"Research is the key to creativity": Amber Butchart on how to navigate the industry

An interview with BBC Four's Fashion Historian and new Master in Fashion Critique mentor

Amber Butchart is a fashion historian, author, broadcaster, national crime agency external advisor, researcher of all things fashion history on the BBC, public lecturer at major UK institutions like The Tate and The V&A and now, she's the newest Master in Fashion Critique mentor.

From researching to writing and broadcasting to teaching, Amber Butchart just about does it all. Polimoda virtually sat down with the colorful Polimoda mentor to talk about the Master in Fashion Critique, what students can expect from the program, the importance of mentorship and how to navigate the world as a young creative. 

Hi Amber! What is a fashion historian?

A fashion historian is someone who studies the past through the medium of clothing, looking at the historical intersections between dress, politics and culture. As a fashion historian research is at the heart of what I do. I work across a number of platforms, from writing books to lecturing at universities and art colleges, to sharing information via Instagram, or on TV and radio.

What inspires you about fashion history and why is it important to study the history of fashion?

The study of clothing can act as a portal to the past in a number of ways. The way we choose to clothe our bodies can carry layer upon layer of meaning. Across cultures and throughout history people have used clothing to signify power and status, to adorn and beautify, even to prop up or dismantle regimes. So the study of clothing in history gives us insight into all these areas and more - economic history, labor history, technology. The Industrial Revolution was largely driven by cotton manufacture for clothing - these huge ruptures in our history can all be explored through studying how we dress our bodies.

Amber Butchart photographed by Jo Bridges

What three words would best describe your style?

It’s quite difficult to narrow it down to three words! I would say: color, secondhand, turbans.

What should prospective students expect from the Master in Fashion Critique?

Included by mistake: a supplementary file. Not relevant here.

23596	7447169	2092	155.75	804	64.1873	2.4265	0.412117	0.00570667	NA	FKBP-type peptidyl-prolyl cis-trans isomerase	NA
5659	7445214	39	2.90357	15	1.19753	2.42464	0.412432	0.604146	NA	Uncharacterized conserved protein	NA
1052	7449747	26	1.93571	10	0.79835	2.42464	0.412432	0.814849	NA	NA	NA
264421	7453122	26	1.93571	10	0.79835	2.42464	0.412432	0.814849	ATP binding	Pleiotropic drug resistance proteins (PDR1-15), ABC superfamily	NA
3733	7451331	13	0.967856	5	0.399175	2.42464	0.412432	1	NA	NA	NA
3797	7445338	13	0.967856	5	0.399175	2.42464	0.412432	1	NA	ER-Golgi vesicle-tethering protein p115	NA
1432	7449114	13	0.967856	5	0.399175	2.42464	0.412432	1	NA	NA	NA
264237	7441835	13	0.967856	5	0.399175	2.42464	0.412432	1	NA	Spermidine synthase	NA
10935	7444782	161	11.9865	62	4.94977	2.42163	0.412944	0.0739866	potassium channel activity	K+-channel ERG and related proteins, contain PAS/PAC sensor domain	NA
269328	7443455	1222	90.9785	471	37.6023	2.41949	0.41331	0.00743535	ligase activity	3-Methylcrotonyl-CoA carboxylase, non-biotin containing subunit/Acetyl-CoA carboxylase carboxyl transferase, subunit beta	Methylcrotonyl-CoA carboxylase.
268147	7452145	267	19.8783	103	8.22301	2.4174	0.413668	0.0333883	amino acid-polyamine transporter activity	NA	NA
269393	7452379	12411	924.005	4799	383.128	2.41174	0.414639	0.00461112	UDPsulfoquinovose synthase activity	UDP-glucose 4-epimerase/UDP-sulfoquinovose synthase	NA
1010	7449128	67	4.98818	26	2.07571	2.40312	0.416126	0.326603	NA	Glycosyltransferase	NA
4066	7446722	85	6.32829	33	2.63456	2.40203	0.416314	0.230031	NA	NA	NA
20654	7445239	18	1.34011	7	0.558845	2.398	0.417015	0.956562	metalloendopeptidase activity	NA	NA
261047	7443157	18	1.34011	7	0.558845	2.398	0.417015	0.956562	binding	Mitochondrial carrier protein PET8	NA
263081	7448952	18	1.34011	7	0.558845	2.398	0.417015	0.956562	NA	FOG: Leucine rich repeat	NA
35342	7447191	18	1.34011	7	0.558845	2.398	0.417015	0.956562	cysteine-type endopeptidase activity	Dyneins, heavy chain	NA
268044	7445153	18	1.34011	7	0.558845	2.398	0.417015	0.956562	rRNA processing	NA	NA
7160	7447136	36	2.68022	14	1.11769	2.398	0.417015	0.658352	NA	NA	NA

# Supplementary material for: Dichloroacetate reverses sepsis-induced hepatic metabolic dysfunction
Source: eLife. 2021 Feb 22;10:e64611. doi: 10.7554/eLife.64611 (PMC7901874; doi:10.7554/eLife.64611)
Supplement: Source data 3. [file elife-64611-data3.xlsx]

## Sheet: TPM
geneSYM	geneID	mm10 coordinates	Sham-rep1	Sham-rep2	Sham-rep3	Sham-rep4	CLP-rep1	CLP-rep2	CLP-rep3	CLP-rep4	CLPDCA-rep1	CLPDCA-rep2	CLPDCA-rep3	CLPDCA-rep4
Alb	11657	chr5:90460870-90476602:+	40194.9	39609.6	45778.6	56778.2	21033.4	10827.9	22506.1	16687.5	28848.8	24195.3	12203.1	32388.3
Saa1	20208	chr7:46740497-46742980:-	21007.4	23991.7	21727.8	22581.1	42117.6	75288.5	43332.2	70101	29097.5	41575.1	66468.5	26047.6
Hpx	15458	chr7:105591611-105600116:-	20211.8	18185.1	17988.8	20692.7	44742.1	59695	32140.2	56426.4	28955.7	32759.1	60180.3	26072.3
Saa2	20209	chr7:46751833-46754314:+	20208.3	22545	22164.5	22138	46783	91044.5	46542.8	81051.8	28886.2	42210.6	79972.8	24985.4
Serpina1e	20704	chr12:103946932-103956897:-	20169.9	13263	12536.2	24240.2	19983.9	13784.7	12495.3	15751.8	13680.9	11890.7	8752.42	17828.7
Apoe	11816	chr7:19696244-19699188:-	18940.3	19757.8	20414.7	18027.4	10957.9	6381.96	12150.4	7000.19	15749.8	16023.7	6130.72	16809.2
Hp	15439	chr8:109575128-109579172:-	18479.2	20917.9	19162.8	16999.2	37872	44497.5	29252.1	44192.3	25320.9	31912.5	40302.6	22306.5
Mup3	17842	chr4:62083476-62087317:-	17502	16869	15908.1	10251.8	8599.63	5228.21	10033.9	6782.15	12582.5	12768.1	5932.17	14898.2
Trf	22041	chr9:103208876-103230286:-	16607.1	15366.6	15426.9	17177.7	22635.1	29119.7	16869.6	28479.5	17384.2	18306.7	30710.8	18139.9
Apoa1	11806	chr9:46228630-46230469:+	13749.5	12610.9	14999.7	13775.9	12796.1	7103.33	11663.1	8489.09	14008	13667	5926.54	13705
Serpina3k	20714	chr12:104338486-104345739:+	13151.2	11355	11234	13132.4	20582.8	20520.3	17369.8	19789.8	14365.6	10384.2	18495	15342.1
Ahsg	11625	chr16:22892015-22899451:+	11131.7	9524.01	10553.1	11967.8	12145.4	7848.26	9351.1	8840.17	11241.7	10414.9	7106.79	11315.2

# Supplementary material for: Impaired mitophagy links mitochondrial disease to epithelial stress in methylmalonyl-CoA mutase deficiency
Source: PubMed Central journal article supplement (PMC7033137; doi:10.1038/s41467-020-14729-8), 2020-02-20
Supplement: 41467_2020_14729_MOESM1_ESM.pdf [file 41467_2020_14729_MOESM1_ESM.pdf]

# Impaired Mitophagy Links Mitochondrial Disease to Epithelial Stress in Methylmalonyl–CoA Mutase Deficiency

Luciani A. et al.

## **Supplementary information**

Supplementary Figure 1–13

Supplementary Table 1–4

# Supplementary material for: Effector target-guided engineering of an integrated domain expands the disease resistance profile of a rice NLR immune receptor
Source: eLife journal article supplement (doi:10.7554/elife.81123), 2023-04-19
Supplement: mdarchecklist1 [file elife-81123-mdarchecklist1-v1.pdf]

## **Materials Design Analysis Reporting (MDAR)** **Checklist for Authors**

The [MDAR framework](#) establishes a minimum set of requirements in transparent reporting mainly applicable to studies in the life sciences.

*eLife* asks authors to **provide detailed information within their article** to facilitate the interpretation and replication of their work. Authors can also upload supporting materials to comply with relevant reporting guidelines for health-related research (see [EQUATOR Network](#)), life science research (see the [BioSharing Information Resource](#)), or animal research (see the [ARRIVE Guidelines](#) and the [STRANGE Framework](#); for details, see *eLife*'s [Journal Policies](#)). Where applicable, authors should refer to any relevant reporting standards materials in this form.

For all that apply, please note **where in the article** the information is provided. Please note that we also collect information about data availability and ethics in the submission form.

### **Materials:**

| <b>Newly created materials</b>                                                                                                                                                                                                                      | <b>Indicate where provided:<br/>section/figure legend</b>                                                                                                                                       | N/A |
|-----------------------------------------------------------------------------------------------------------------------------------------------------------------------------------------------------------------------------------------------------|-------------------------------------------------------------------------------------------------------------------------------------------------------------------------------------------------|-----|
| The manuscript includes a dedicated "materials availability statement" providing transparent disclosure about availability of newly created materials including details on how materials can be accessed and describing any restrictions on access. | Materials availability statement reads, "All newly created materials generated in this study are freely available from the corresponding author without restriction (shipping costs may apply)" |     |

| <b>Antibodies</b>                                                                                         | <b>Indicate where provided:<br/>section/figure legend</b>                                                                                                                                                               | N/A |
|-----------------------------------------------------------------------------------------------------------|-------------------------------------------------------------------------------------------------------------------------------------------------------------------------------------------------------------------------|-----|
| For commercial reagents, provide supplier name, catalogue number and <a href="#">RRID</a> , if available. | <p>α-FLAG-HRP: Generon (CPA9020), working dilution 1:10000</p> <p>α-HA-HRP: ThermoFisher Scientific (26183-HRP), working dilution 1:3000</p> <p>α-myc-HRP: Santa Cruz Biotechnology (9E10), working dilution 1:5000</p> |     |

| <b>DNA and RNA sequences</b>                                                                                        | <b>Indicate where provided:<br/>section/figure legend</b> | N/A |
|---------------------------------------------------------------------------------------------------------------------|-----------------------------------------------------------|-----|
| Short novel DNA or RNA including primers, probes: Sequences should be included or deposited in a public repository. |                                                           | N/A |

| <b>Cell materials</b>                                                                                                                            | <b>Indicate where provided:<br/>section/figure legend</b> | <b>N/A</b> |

To navigate the aesthetic, economic, ethical and environmental issues at stake in the global fashion industry we need strong thinkers, brilliant designers and excellent future strategists and innovators to imagine a better, more sustainable future. The Master in Fashion Critique provides students with the tools to think critically about this industry. An ability to critique and understand the system has never been so essential to leave it in a better state for future generations. We will be engaging with fashion writing and journalism, marketing, curation, politics, aesthetics and culture to develop a well-rounded understanding of how the industry is shaped, so future generations may change it for the better.

"Whether it’s the production of clothing or the representation of fashion and beauty, I hope students learn to really engage with the visual and cultural aspects of the fashion industry in a critical way."

Why is mentorship important for young people?

Mentorship is crucial to transfer the knowledge and understanding from one generation to another, so that the next generation can build on our current knowledge and take it even further. It’s a crucial aspect of education to nurture students who can bring a fresh, new perspective to the study of fashion, and to offer enthusiasm and encouragement along the way.

What do you hope the students learn from their time spent with you during the Master in Fashion Critique?

I hope they learn to question, to think critically and deeply about the fashion system as it operates today and historically. I also hope they develop a theoretical background for their practice, to be able to contextualize their writing, thinking and making. Whether it’s the production of clothing or the representation of fashion and beauty, I hope students learn to really engage with the visual and cultural aspects of the fashion industry in a critical way.

If you were to give any piece of advice to young fashion students, what would it be?

Read, study, watch, research. Working in a creative industry is all about research, about diving deep into the area you are passionate about, whether it’s to create a piece of writing or an item of clothing. Research is really the key to creativity.

Cover photo: Amber Butchart photographed by Fanni Williams